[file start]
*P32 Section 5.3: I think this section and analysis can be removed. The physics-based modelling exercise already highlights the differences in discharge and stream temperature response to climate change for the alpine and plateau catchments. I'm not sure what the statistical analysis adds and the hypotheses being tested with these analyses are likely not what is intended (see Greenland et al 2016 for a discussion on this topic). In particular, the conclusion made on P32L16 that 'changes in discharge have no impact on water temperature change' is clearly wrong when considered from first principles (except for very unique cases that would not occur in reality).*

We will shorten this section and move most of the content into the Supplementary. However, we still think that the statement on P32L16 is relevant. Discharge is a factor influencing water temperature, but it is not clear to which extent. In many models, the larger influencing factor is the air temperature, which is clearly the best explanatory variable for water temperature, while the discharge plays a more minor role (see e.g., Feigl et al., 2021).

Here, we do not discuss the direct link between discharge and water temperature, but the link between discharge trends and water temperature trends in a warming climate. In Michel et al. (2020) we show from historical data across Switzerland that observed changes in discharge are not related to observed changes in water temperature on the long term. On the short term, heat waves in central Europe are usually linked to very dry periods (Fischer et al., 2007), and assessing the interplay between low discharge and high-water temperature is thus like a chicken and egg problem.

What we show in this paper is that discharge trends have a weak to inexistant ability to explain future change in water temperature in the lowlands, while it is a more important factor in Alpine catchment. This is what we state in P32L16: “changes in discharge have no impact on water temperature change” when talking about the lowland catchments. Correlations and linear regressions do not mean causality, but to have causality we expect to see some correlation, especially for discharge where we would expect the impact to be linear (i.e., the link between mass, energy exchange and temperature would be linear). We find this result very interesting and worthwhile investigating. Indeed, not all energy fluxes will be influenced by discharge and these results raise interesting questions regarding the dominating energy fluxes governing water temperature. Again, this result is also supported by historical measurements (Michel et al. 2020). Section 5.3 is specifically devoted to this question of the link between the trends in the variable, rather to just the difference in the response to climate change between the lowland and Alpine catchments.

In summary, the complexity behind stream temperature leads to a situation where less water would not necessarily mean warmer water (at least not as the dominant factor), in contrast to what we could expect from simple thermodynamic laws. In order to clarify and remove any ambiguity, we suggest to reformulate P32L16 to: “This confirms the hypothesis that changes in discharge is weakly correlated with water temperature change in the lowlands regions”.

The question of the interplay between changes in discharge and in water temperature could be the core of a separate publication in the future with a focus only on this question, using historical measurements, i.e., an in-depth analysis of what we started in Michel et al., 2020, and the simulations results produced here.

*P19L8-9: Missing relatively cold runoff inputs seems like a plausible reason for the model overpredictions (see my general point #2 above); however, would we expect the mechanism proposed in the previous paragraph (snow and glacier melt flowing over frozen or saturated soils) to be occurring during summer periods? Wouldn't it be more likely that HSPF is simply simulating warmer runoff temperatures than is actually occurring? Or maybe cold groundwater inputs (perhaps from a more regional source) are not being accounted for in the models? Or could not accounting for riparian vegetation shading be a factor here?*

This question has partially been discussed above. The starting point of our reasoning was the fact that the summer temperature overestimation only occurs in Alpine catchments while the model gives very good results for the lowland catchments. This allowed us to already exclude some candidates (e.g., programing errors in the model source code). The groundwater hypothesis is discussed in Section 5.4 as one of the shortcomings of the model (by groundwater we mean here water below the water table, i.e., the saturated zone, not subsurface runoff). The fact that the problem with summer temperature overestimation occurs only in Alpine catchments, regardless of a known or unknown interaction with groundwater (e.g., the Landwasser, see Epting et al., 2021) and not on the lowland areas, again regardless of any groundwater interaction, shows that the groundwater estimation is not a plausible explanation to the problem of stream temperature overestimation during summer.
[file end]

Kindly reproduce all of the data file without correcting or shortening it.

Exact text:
*P32 Section 5.3: I think this section and analysis can be removed. The physics-based modelling exercise already highlights the differences in discharge and stream temperature response to climate change for the alpine and plateau catchments. I'm not sure what the statistical analysis adds and the hypotheses being tested with these analyses are likely not what is intended (see Greenland et al 2016 for a discussion on this topic). In particular, the conclusion made on P32L16 that 'changes in discharge have no impact on water temperature change' is clearly wrong when considered from first principles (except for very unique cases that would not occur in reality).*

We will shorten this section and move most of the content into the Supplementary. However, we still think that the statement on P32L16 is relevant. Discharge is a factor influencing water temperature, but it is not clear to which extent. In many models, the larger influencing factor is the air temperature, which is clearly the best explanatory variable for water temperature, while the discharge plays a more minor role (see e.g., Feigl et al., 2021).

Here, we do not discuss the direct link between discharge and water temperature, but the link between discharge trends and water temperature trends in a warming climate. In Michel et al. (2020) we show from historical data across Switzerland that observed changes in discharge are not related to observed changes in water temperature on the long term. On the short term, heat waves in central Europe are usually linked to very dry periods (Fischer et al., 2007), and assessing the interplay between low discharge and high-water temperature is thus like a chicken and egg problem.

What we show in this paper is that discharge trends have a weak to inexistant ability to explain future change in water temperature in the lowlands, while it is a more important factor in Alpine catchment. This is what we state in P32L16: “changes in discharge have no impact on water temperature change” when talking about the lowland catchments. Correlations and linear regressions do not mean causality, but to have causality we expect to see some correlation, especially for discharge where we would expect the impact to be linear (i.e., the link between mass, energy exchange and temperature would be linear). We find this result very interesting and worthwhile investigating. Indeed, not all energy fluxes will be influenced by discharge and these results raise interesting questions regarding the dominating energy fluxes governing water temperature. Again, this result is also supported by historical measurements (Michel et al. 2020). Section 5.3 is specifically devoted to this question of the link between the trends in the variable, rather to just the difference in the response to climate change between the lowland and Alpine catchments.

In summary, the complexity behind stream temperature leads to a situation where less water would not necessarily mean warmer water (at least not as the dominant factor), in contrast to what we could expect from simple thermodynamic laws. In order to clarify and remove any ambiguity, we suggest to reformulate P32L16 to: “This confirms the hypothesis that changes in discharge is weakly correlated with water temperature change in the lowlands regions”.

The question of the interplay between changes in discharge and in water temperature could be the core of a separate publication in the future with a focus only on this question, using historical measurements, i.e., an in-depth analysis of what we started in Michel et al., 2020, and the simulations results produced here.

*P19L8-9: Missing relatively cold runoff inputs seems like a plausible reason for the model overpredictions (see my general point #2 above); however, would we expect the mechanism proposed in the previous paragraph (snow and glacier melt flowing over frozen or saturated soils) to be occurring during summer periods? Wouldn't it be more likely that HSPF is simply simulating warmer runoff temperatures than is actually occurring? Or maybe cold groundwater inputs (perhaps from a more regional source) are not being accounted for in the models? Or could not accounting for riparian vegetation shading be a factor here?*

This question has partially been discussed above. The starting point of our reasoning was the fact that the summer temperature overestimation only occurs in Alpine catchments while the model gives very good results for the lowland catchments. This allowed us to already exclude some candidates (e.g., programing errors in the model source code). The groundwater hypothesis is discussed in Section 5.4 as one of the shortcomings of the model (by groundwater we mean here water below the water table, i.e., the saturated zone, not subsurface runoff). The fact that the problem with summer temperature overestimation occurs only in Alpine catchments, regardless of a known or unknown interaction with groundwater (e.g., the Landwasser, see Epting et al., 2021) and not on the lowland areas, again regardless of any groundwater interaction, shows that the groundwater estimation is not a plausible explanation to the problem of stream temperature overestimation during summer.